..."get your houses in order, build a working & cooperative infrastructure or we will strike until such time"...
..."in the meantime, we will find ways to best represent our sponsors in the hope that they will not feel duped in this irresponsible battle"...

...bold ???...you bet, but just how long is this supposed to play out & to who's advantage ???...

flanman said...

Who do you distrust least - ASO or UCI?

Who has more accountability - ASO or UCI?

Who cares more about making money?

Who has done more for riders rights?

Would Isaac Galvez's widow have received 0.5 mio Euro compensation if ASO/RCS was in charge of running cycling?

This is a war. UCI has no choice but to defend itself with teeth bared. ASO clealry has the French Fedeation in its pocket and is moving on to break the UCI. This would be bad for riders and cycling.

The French federation will bear the brunt of any punishments.

bikesgonewild said...

...i agree w/ you flanman...my support goes to the uci but there seems to be a certain incompetency on their part that is fed by the lack of support from the riders & preyed upon by the aso & prudhommes cronies...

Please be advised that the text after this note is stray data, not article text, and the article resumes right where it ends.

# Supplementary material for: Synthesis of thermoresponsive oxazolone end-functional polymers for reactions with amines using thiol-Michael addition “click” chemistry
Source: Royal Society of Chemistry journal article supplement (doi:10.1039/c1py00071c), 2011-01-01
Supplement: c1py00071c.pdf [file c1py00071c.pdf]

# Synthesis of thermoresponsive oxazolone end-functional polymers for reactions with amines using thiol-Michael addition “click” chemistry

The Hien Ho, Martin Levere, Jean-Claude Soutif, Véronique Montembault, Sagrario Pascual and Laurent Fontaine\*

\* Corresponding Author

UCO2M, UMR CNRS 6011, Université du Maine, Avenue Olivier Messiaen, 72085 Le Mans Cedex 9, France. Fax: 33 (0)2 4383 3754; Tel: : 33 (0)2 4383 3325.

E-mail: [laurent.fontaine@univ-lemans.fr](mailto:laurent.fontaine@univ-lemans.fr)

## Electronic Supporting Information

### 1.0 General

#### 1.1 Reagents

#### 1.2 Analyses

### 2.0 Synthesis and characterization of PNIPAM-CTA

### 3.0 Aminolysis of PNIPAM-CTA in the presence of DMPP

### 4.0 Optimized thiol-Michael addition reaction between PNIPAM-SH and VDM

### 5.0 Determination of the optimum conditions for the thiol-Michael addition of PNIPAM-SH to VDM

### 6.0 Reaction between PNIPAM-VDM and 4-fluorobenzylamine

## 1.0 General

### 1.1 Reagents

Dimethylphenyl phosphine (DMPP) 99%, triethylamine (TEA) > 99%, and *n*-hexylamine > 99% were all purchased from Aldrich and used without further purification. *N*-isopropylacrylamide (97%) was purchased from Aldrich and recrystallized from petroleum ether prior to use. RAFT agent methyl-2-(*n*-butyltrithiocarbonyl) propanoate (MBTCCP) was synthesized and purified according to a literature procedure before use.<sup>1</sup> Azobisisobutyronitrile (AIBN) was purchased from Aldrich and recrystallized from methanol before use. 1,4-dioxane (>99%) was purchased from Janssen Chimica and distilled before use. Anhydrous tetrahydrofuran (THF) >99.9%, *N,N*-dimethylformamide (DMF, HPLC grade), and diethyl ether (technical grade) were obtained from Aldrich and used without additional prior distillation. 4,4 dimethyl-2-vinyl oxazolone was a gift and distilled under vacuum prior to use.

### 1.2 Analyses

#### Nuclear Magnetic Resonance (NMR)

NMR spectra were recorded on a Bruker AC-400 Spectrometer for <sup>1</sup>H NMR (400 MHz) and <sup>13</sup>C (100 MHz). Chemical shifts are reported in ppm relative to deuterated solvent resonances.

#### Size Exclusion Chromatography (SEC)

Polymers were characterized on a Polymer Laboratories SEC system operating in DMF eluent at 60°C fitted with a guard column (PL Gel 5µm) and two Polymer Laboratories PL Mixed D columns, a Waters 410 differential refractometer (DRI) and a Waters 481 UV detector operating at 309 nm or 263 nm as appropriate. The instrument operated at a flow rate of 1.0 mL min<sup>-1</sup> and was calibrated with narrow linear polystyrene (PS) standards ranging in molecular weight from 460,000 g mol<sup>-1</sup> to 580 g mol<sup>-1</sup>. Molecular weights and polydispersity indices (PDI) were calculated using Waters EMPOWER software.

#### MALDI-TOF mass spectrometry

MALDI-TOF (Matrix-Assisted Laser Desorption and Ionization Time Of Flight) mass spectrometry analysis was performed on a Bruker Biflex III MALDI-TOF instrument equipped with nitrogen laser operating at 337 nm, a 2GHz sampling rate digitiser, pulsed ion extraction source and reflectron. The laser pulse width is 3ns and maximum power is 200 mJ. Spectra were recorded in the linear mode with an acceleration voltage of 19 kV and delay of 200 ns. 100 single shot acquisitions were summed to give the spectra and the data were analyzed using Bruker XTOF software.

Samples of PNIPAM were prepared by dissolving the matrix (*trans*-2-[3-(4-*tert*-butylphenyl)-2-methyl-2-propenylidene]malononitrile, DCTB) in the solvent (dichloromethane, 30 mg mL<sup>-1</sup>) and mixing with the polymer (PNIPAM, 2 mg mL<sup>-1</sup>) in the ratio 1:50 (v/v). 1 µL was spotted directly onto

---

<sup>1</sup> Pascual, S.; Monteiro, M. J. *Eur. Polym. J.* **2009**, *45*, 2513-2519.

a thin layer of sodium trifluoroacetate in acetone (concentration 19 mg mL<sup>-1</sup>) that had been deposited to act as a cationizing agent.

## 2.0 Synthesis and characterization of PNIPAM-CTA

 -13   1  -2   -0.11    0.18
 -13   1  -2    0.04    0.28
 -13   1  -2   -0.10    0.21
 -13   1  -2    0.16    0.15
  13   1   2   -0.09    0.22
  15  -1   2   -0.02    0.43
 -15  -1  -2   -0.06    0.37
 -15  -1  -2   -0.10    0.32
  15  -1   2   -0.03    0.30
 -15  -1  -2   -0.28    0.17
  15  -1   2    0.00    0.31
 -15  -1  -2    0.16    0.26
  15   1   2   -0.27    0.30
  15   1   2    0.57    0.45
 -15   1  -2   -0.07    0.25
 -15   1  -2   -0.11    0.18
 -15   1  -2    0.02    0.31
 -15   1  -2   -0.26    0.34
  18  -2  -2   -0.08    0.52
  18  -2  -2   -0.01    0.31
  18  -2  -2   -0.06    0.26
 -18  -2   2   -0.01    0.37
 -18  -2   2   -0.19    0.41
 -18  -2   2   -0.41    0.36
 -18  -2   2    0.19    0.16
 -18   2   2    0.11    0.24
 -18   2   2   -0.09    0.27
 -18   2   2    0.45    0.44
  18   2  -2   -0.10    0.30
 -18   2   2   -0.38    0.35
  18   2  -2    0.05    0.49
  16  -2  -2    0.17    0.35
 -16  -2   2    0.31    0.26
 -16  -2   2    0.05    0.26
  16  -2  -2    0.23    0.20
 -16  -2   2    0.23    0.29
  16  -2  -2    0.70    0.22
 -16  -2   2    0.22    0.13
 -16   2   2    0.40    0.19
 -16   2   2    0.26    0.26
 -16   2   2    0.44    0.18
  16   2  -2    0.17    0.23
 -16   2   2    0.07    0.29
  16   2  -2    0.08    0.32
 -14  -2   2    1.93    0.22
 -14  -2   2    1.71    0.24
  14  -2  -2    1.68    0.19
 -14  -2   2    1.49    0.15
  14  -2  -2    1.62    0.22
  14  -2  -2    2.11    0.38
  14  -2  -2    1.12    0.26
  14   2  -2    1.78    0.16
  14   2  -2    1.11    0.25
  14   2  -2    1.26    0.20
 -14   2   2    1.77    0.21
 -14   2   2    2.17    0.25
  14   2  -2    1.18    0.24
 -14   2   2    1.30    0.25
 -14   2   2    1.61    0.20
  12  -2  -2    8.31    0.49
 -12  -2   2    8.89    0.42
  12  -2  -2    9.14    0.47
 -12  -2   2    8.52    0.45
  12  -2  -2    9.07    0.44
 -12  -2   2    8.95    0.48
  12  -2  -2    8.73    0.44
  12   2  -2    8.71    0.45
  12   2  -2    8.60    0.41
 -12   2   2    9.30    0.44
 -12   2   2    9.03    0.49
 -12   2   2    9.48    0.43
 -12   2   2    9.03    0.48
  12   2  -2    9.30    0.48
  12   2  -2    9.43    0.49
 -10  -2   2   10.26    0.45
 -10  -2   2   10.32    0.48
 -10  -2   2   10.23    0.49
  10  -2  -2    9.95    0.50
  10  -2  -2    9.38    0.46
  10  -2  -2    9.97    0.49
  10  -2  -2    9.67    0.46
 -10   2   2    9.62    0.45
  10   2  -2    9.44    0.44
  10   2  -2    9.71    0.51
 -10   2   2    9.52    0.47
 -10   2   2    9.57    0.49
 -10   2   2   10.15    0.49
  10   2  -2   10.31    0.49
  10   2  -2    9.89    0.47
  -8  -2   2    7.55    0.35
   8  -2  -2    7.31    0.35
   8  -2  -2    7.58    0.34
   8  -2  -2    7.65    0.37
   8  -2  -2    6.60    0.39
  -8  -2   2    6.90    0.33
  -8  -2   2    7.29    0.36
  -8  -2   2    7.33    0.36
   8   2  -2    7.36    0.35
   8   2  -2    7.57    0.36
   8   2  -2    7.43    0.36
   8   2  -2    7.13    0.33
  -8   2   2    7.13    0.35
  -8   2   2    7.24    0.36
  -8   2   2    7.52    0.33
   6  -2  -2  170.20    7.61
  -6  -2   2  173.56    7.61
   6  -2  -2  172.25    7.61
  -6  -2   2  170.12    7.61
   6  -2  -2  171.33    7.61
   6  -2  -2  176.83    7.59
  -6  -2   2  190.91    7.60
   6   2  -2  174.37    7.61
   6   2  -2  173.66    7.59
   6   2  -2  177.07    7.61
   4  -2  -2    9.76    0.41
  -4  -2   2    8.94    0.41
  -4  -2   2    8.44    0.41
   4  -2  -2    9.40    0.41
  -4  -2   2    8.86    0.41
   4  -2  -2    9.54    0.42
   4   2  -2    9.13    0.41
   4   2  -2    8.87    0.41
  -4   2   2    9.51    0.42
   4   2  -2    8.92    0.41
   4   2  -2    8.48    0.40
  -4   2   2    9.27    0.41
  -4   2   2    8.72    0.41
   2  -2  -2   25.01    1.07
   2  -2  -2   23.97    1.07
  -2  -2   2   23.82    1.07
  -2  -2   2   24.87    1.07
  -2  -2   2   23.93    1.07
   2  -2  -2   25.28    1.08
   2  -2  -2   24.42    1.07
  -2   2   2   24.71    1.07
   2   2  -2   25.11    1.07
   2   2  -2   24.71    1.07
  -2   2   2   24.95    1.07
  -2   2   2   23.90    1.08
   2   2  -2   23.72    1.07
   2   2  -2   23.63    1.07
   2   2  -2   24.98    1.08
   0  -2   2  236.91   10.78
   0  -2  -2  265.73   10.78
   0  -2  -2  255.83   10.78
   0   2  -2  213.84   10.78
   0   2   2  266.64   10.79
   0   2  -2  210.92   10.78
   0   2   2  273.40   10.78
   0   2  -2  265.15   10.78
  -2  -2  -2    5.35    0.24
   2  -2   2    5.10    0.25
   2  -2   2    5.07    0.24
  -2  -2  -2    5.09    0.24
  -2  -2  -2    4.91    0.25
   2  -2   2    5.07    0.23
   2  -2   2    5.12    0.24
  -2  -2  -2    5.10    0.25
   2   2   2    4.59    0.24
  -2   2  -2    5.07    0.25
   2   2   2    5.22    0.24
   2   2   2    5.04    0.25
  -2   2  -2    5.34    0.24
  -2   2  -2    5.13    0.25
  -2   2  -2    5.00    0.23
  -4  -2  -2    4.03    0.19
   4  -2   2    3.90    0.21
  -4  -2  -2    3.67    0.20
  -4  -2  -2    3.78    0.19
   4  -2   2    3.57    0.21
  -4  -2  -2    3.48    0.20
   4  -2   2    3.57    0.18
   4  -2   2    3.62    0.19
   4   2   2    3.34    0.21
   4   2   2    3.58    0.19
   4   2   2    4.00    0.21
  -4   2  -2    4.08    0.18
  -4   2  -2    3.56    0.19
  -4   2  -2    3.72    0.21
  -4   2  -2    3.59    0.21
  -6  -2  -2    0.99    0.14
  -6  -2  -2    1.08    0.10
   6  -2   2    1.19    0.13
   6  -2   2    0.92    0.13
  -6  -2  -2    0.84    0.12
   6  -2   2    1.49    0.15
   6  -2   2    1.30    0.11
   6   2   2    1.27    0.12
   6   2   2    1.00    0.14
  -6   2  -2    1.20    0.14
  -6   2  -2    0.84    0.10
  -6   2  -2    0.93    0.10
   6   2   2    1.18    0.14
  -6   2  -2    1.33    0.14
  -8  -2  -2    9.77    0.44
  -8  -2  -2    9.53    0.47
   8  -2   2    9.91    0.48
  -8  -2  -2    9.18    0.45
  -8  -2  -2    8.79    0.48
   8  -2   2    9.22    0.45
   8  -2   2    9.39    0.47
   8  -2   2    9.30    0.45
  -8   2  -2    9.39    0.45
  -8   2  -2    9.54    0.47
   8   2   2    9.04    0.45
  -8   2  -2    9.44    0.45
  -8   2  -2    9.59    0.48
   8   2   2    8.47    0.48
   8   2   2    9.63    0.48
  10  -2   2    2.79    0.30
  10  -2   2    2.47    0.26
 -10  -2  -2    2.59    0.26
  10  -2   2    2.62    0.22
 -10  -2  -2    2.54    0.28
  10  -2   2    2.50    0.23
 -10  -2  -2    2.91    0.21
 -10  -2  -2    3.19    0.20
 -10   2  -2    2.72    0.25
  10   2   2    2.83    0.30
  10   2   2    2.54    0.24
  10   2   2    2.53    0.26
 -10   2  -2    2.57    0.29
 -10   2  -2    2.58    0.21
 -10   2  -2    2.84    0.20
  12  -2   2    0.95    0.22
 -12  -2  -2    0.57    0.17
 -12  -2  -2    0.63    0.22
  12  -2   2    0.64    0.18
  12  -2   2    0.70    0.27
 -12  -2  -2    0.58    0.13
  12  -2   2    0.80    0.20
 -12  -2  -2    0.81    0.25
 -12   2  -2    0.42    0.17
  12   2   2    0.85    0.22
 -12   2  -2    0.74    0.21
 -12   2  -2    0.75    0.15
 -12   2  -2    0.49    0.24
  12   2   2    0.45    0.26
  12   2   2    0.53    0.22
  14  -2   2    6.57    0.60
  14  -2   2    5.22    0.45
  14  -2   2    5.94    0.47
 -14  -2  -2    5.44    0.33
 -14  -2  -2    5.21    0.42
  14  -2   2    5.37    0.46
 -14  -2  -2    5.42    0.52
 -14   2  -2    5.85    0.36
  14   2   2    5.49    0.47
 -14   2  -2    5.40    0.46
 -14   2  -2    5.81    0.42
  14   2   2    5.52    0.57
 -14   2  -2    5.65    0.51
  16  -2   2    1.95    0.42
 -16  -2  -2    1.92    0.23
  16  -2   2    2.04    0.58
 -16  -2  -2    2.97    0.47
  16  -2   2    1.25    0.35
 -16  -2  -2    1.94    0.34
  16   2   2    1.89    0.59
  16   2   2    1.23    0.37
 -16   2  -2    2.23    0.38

...i also agree that the collusion between aso & the french federation is unhealthy for the sport & probably based on future promises...

...i still think the riders & teams, w/ a show of solidarity could improve the whole situation...

Anonymous said...

Of course ASO have more credibility as they have invested more money in cycling. UCI has looked the other way since the 90's.

McQuaid will be resigning shortly. If Armstrong (its been proven), Contador (definitely being exposed this year) and Bruyneel (raced for Saiz) are not drug cheats then I have a bridge to sell you. ASO is right to say good bye to them.

rmckittr said...

While I feel sorry for the pros who have not cheated, who are nonetheless embroiled in this catch 22, I feel like the professional peleton has brought this mess upon itself by its flagrant disregard for the doping regulations. Both the ASO and the UCI were accomplices until recently. Now these organizations want to clean up cycling, but only when the doping has threatened to cost them money. Screw both organizations. There will be exciting bicycle races even if both of them go bankrupt and stop supporting cycling. In fact, that may be what it takes for professional cycling to earn back its dignity.

Anonymous said...

Your blog is great. I thoroughly enjoy it and learn a few things too.

This is about the best commentary on this situation I've read so far, kudos.